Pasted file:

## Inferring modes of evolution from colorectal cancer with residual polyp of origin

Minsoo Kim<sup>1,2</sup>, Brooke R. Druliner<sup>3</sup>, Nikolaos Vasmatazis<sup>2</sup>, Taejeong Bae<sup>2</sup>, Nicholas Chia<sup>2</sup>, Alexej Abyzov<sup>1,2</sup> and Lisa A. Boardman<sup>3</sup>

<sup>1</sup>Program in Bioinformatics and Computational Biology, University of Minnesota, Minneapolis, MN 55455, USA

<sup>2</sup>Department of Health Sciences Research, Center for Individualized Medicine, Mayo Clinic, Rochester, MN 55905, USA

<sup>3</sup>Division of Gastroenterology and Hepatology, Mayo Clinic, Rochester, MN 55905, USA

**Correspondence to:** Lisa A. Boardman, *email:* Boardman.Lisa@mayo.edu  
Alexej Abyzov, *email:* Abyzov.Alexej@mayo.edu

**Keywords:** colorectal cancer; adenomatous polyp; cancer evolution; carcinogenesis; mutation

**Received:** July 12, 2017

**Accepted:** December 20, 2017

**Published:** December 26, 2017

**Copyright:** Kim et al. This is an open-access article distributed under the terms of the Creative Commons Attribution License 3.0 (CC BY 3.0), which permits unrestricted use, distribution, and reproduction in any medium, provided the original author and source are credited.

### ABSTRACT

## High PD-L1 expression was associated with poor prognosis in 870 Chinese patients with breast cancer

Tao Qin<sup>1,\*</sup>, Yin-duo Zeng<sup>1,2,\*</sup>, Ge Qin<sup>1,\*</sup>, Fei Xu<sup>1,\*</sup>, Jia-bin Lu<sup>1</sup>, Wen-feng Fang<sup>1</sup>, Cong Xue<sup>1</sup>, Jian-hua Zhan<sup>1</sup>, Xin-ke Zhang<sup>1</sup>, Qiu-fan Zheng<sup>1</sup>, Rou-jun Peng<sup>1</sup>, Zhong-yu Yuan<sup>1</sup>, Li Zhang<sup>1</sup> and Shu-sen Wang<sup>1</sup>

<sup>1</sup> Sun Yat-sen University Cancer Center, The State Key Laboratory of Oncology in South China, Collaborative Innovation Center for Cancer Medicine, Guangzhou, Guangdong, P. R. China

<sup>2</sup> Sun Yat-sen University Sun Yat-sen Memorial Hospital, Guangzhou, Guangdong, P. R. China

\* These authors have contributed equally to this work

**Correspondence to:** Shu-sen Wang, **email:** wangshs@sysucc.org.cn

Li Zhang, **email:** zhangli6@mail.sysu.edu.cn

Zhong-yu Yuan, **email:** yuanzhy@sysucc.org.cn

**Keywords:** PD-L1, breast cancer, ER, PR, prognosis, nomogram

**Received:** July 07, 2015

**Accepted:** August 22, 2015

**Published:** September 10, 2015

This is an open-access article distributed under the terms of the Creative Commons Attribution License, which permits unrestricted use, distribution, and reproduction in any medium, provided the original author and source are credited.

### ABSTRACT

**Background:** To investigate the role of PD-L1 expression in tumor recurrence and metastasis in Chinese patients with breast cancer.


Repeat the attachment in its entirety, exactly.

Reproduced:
## Inferring modes of evolution from colorectal cancer with residual polyp of origin

Minsoo Kim<sup>1,2</sup>, Brooke R. Druliner<sup>3</sup>, Nikolaos Vasmatazis<sup>2</sup>, Taejeong Bae<sup>2</sup>, Nicholas Chia<sup>2</sup>, Alexej Abyzov<sup>1,2</sup> and Lisa A. Boardman<sup>3</sup>

<sup>1</sup>Program in Bioinformatics and Computational Biology, University of Minnesota, Minneapolis, MN 55455, USA

<sup>2</sup>Department of Health Sciences Research, Center for Individualized Medicine, Mayo Clinic, Rochester, MN 55905, USA

<sup>3</sup>Division of Gastroenterology and Hepatology, Mayo Clinic, Rochester, MN 55905, USA

**Correspondence to:** Lisa A. Boardman, *email:* Boardman.Lisa@mayo.edu  
Alexej Abyzov, *email:* Abyzov.Alexej@mayo.edu

**Keywords:** colorectal cancer; adenomatous polyp; cancer evolution; carcinogenesis; mutation

**Received:** July 12, 2017

**Accepted:** December 20, 2017

**Published:** December 26, 2017

**Copyright:** Kim et al. This is an open-access article distributed under the terms of the Creative Commons Attribution License 3.0 (CC BY 3.0), which permits unrestricted use, distribution, and reproduction in any medium, provided the original author and source are credited.

### ABSTRACT

## High PD-L1 expression was associated with poor prognosis in 870 Chinese patients with breast cancer

Tao Qin<sup>1,\*</sup>, Yin-duo Zeng<sup>1,2,\*</sup>, Ge Qin<sup>1,\*</sup>, Fei Xu<sup>1,\*</sup>, Jia-bin Lu<sup>1</sup>, Wen-feng Fang<sup>1</sup>, Cong Xue<sup>1</sup>, Jian-hua Zhan<sup>1</sup>, Xin-ke Zhang<sup>1</sup>, Qiu-fan Zheng<sup>1</sup>, Rou-jun Peng<sup>1</sup>, Zhong-yu Yuan<sup>1</sup>, Li Zhang<sup>1</sup> and Shu-sen Wang<sup>1</sup>

<sup>1</sup> Sun Yat-sen University Cancer Center, The State Key Laboratory of Oncology in South China, Collaborative Innovation Center for Cancer Medicine, Guangzhou, Guangdong, P. R. China

<sup>2</sup> Sun Yat-sen University Sun Yat-sen Memorial Hospital, Guangzhou, Guangdong, P. R. China

\* These authors have contributed equally to this work

**Correspondence to:** Shu-sen Wang, **email:** wangshs@sysucc.org.cn

Li Zhang, **email:** zhangli6@mail.sysu.edu.cn

Zhong-yu Yuan, **email:** yuanzhy@sysucc.org.cn

**Keywords:** PD-L1, breast cancer, ER, PR, prognosis, nomogram

**Received:** July 07, 2015

**Accepted:** August 22, 2015

**Published:** September 10, 2015

This is an open-access article distributed under the terms of the Creative Commons Attribution License, which permits unrestricted use, distribution, and reproduction in any medium, provided the original author and source are credited.

### ABSTRACT

**Background:** To investigate the role of PD-L1 expression in tumor recurrence and metastasis in Chinese patients with breast cancer.